Sugar futures rebounded, helped by further increases by Platts Kingsman to estimates for the world’s swing into production deficit, with the forecast for next season lifted to an eight-year high.
New York raw sugar futures for March stood up 2.3% at 14.84 cents a pound in early deals, climbing – just – back above their 40-day moving average, at 14.83 cents a pound.
The increase reflected in part a rebound in the oil price, whose fall in the last session to a six-year low undermined values of commodities, such as sugar, used in making biofuels.
Brent crude stood at $38.42 a barrel, a gain of 1.3%.
However, sugar’s recovery also followed increases by Kingsman to its forecast for the world sugar production deficits for both 2015-16, which started in October, and for next season too.
Indeed, the estimate for the global output shortfall in 2016-17 was lifted by 1.37m tonnes to 7.81m tonnes, on a raw sugar basis – taking it above the 7.62m tonnes recorded in 2009-10.The highest marketing year shortfall in recent history, on an October-to-September basis, was the 15.97m tonnes seen in 2008-09, according to Kingsman.
The analysis group said that the deficit upgrade was “mainly on higher consumption in south east Africa, for which our previous estimates were too low”.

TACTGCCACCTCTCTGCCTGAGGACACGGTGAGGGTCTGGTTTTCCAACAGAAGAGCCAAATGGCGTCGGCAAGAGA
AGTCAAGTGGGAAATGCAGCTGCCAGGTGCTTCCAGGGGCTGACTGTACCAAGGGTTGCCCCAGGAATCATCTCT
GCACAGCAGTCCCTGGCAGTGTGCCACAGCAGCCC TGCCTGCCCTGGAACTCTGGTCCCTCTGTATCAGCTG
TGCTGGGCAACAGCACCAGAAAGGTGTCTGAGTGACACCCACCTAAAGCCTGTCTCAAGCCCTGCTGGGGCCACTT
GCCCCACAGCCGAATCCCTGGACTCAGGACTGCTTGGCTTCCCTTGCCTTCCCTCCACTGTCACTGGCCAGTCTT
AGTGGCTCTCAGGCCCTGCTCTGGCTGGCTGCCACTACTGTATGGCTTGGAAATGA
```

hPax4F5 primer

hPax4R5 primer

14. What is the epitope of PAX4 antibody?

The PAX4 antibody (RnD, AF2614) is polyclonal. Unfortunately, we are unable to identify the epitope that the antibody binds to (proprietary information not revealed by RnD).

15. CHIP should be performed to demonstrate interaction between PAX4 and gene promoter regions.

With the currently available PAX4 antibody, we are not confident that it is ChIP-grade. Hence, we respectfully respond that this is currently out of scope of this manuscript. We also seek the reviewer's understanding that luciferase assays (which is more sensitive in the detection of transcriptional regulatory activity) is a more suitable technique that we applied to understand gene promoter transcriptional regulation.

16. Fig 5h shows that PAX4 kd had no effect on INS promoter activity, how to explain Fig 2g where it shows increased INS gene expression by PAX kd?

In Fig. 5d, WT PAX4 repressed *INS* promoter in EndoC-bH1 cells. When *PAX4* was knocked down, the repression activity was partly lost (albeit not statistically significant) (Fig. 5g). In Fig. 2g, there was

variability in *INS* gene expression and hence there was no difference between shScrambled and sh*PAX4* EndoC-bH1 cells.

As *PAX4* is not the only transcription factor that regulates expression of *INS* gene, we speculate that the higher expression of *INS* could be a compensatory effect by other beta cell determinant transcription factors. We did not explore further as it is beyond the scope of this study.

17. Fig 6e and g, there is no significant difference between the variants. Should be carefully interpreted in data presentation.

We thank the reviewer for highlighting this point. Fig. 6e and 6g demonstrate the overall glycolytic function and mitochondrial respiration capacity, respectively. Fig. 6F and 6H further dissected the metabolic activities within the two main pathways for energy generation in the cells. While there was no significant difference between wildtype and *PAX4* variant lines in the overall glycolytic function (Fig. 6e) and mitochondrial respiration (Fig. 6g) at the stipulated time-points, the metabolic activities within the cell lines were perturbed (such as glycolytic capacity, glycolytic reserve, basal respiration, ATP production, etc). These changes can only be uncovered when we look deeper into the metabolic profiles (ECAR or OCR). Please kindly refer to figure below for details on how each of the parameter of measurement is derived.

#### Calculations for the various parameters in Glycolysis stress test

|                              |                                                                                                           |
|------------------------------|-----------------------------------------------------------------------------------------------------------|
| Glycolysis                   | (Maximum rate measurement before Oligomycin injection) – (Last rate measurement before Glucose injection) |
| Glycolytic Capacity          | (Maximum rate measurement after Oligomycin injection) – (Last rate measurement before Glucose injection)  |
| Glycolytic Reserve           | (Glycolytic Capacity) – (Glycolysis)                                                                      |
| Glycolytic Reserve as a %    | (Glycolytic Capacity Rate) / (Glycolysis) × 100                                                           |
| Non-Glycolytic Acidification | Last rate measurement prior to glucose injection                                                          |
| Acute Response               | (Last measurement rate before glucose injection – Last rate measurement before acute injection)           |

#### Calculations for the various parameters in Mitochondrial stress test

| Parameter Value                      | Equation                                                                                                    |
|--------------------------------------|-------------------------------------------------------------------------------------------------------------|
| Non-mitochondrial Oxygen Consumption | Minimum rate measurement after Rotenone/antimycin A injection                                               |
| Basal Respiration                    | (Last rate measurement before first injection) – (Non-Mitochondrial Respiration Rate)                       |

The company counts as southeast Africa countries from the likes of Zambia and South Africa north to Ethiopia and Kenya.
South Africa-based sugar producer Illovo two weeks ago flagged the prospects for growing African sugar consumption.
Kingsman also raised by 1.95m tonnes to 5.26m tonnes its forecast for the world output deficit this season, citing in part also higher consumption estimates, for Thailand, where extra raw sugar appears to have been used by the biofuels industry, and in India, where fears of higher values may encourage stockpiling.
Indian sugar consumption patterns “are likely to change quite dramatically if domestic prices suddenly rise sharply in the various sugar-producing regions in anticipation of a drought or a drop in production,” the group said.
“In such a situation a majority of the industrial buyers, which are mainly spot buyers, are more likely to keep buying more quantities at every possible increase in prices leading to a large build-up of pipeline inventory at the buyers’ end.”
“Such exceptions can cause sudden deviations in consumption patterns.”
Centre South setbacks
However, on the production side, Kingsman also cut by 747,000 tonnes, to 30.36m tonnes, its forecast for sugar output in Brazil’s Centre South region, which is responsible for some 90% of domestic output.
The forecast reflects rains which are slowing cane harvesting, besides depressing sugar levels in the crop, making sugar itself more difficult to crystalize out and encouraging mills to make ethanol instead.
After the loss of 6.6 days of crushing in October, and 15.5 days last month, “December also looks wet, with possibly seven days or more lost to rain in the first half of the month”.
The Centre South cane crush was downgraded by 5.1m tonnes to 594.0m tonnes, although the amount of so-called “bisada” cane carried over for harvesting next season was upgraded to 540m tonnes.
(Source – http://www.agrimoney.com/news/sugar-prices-revive-as-kingsman-ups-global-deficit-forecasts–9114.html)